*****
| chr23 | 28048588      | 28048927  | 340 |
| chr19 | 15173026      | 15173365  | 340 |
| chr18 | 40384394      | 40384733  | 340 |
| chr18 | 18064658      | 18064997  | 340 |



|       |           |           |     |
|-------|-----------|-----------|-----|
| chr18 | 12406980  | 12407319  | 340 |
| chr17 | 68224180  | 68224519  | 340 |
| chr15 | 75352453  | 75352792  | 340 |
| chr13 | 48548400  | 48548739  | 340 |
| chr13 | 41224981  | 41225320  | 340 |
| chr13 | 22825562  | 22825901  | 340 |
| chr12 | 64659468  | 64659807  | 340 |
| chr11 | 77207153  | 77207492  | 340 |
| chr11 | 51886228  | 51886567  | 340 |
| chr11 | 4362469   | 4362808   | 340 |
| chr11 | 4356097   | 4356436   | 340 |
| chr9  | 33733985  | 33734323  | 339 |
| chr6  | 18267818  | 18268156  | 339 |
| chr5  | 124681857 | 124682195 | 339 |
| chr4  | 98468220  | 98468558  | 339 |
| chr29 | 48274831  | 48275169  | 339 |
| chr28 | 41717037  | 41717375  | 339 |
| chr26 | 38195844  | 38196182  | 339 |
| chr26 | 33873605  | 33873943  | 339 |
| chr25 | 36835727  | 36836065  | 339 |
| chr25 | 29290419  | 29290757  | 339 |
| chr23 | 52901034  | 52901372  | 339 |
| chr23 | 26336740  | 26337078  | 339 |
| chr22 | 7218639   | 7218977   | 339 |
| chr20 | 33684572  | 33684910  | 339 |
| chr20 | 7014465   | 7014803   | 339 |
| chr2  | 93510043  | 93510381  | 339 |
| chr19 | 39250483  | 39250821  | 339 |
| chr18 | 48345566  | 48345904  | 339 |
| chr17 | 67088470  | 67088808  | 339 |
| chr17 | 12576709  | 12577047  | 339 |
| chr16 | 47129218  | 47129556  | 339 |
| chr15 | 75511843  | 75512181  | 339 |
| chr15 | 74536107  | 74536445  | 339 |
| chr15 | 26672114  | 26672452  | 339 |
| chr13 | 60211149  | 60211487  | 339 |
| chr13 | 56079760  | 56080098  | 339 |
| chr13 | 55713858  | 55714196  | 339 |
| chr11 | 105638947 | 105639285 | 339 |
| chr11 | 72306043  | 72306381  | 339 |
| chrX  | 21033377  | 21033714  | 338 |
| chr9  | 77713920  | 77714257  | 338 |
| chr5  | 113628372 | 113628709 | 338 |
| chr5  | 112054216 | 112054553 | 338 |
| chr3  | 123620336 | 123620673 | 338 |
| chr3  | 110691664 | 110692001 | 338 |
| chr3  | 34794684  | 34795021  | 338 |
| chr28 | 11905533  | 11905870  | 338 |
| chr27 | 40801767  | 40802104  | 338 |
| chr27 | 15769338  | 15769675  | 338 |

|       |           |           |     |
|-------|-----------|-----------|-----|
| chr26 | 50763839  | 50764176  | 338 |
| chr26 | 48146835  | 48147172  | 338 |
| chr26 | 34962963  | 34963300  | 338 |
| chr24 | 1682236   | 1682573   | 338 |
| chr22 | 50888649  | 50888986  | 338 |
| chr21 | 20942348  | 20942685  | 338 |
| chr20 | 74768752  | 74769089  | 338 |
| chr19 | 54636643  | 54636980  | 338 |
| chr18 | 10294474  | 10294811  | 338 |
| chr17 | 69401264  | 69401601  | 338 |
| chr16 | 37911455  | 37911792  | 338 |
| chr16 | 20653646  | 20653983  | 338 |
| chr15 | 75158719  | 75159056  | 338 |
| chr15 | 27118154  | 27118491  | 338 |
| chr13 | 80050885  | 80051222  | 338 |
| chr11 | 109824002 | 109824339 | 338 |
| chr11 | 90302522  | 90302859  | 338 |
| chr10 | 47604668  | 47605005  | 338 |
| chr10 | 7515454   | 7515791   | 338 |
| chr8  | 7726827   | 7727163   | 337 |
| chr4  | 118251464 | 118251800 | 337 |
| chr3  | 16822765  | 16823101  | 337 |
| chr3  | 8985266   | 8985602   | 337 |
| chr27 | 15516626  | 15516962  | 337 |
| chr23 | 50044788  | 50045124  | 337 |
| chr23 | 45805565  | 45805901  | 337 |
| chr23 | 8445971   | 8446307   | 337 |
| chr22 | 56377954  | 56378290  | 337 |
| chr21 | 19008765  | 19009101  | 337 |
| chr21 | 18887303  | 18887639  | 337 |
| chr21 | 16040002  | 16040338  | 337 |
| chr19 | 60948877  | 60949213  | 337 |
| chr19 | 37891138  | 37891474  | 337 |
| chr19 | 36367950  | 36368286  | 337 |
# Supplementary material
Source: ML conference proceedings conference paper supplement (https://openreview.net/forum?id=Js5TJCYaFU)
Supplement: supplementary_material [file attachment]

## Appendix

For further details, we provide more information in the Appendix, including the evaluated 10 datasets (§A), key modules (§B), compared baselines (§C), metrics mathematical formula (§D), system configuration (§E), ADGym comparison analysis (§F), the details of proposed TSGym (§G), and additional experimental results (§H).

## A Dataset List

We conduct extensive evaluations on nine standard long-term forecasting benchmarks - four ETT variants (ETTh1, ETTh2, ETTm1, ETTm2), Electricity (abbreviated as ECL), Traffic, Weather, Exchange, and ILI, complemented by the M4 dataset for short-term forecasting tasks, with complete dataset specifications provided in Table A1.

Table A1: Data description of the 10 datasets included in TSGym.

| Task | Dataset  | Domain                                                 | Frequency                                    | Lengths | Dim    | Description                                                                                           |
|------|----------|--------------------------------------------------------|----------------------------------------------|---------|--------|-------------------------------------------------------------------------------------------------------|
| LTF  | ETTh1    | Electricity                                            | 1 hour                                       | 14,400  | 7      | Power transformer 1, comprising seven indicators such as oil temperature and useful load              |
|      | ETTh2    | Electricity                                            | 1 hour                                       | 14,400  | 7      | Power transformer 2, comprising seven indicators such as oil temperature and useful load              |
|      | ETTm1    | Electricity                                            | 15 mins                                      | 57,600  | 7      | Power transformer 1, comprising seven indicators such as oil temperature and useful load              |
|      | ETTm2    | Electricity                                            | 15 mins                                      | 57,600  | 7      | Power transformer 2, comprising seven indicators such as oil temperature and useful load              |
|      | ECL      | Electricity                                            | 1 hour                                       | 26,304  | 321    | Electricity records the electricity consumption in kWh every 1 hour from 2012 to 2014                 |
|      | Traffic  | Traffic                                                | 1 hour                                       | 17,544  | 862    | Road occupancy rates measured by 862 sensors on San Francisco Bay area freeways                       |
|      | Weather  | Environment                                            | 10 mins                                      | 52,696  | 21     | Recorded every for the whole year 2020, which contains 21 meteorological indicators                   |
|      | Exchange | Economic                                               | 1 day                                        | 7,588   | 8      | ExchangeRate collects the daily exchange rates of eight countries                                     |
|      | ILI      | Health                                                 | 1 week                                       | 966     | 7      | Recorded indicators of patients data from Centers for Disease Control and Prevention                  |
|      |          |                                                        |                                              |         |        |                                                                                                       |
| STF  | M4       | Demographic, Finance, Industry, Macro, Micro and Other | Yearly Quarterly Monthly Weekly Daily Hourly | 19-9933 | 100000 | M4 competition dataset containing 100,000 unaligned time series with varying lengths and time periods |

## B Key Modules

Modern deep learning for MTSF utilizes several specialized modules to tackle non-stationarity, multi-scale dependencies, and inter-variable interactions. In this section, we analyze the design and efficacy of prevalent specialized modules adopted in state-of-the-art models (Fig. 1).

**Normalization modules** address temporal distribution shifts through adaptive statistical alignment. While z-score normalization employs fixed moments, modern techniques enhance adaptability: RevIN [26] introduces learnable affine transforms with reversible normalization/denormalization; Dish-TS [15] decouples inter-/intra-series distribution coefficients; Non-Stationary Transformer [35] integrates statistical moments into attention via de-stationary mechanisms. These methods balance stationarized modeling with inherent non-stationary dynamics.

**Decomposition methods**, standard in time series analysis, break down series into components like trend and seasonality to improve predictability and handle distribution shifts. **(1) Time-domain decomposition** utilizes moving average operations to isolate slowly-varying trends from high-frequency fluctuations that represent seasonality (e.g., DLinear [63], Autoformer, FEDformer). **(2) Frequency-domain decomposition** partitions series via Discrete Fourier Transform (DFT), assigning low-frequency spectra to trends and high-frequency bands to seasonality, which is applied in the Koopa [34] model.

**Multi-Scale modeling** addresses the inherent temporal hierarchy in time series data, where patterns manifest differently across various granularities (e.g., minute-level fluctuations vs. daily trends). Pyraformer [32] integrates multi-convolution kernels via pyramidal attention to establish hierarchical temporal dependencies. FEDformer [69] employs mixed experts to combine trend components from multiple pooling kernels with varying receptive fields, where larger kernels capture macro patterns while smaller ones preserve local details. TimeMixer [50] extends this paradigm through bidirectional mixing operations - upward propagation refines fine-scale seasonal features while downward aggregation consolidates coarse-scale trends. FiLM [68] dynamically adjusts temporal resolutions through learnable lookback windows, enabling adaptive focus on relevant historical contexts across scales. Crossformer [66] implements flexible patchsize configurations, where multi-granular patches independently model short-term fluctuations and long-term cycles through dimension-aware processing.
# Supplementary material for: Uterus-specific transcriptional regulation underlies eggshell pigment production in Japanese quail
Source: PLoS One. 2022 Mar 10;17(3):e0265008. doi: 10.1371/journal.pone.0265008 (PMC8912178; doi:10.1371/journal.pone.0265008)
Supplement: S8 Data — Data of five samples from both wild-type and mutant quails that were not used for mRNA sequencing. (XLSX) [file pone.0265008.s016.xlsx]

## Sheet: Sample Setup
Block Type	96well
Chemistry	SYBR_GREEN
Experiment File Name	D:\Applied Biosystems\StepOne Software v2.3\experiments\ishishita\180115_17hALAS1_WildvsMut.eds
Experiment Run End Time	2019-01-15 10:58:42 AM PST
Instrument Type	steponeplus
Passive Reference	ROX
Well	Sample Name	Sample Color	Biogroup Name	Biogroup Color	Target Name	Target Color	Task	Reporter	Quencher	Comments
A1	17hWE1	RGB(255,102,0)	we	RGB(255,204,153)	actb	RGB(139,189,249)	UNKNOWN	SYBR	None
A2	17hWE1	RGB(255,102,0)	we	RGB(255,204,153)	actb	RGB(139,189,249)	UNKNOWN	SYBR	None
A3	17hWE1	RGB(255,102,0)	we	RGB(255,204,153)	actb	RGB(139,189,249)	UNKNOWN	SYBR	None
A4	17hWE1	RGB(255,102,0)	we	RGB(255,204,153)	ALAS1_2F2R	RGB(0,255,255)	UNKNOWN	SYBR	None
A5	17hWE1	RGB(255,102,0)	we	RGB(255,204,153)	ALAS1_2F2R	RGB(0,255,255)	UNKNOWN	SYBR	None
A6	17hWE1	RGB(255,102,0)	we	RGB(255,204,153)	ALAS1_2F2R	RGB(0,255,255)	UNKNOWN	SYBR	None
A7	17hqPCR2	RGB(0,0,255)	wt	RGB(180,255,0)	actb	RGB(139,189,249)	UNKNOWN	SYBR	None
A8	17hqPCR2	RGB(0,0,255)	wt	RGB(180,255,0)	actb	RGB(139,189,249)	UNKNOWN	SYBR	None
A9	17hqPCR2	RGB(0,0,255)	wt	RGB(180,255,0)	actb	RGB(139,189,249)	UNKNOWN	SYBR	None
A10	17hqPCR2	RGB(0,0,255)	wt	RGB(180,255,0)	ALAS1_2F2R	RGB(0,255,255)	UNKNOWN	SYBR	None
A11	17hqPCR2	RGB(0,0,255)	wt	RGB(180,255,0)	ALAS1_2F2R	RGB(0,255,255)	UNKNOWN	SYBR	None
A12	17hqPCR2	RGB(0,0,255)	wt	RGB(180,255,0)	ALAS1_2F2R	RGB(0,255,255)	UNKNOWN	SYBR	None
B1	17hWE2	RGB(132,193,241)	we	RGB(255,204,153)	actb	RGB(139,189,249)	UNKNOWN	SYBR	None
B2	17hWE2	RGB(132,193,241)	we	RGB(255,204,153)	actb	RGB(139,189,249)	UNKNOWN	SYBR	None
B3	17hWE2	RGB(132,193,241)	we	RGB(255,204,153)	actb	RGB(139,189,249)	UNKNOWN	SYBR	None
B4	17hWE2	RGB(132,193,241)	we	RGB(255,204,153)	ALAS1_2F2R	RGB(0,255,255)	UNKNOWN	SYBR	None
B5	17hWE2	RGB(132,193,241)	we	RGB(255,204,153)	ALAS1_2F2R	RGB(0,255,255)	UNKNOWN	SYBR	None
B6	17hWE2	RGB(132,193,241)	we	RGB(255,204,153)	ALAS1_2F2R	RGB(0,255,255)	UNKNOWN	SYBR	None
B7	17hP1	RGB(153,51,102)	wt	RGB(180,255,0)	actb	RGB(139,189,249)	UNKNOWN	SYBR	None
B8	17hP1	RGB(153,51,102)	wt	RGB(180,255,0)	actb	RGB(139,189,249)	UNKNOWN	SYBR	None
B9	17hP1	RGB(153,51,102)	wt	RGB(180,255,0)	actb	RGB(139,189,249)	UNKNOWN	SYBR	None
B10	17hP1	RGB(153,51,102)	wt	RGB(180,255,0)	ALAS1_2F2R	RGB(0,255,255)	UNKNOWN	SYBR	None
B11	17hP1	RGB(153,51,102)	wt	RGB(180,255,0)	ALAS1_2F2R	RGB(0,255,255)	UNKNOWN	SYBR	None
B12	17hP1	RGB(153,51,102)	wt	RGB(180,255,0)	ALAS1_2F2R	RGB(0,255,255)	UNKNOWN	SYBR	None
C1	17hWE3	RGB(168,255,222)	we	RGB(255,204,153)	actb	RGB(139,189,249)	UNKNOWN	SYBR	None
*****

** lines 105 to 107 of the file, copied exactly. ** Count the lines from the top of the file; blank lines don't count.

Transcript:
|      | ETTm1    | Electricity                                            | 15 mins                                      | 57,600  | 7      | Power transformer 1, comprising seven indicators such as oil temperature and useful load              |
|      | ETTm2    | Electricity                                            | 15 mins                                      | 57,600  | 7      | Power transformer 2, comprising seven indicators such as oil temperature and useful load              |
|      | ECL      | Electricity                                            | 1 hour                                       | 26,304  | 321    | Electricity records the electricity consumption in kWh every 1 hour from 2012 to 2014                 |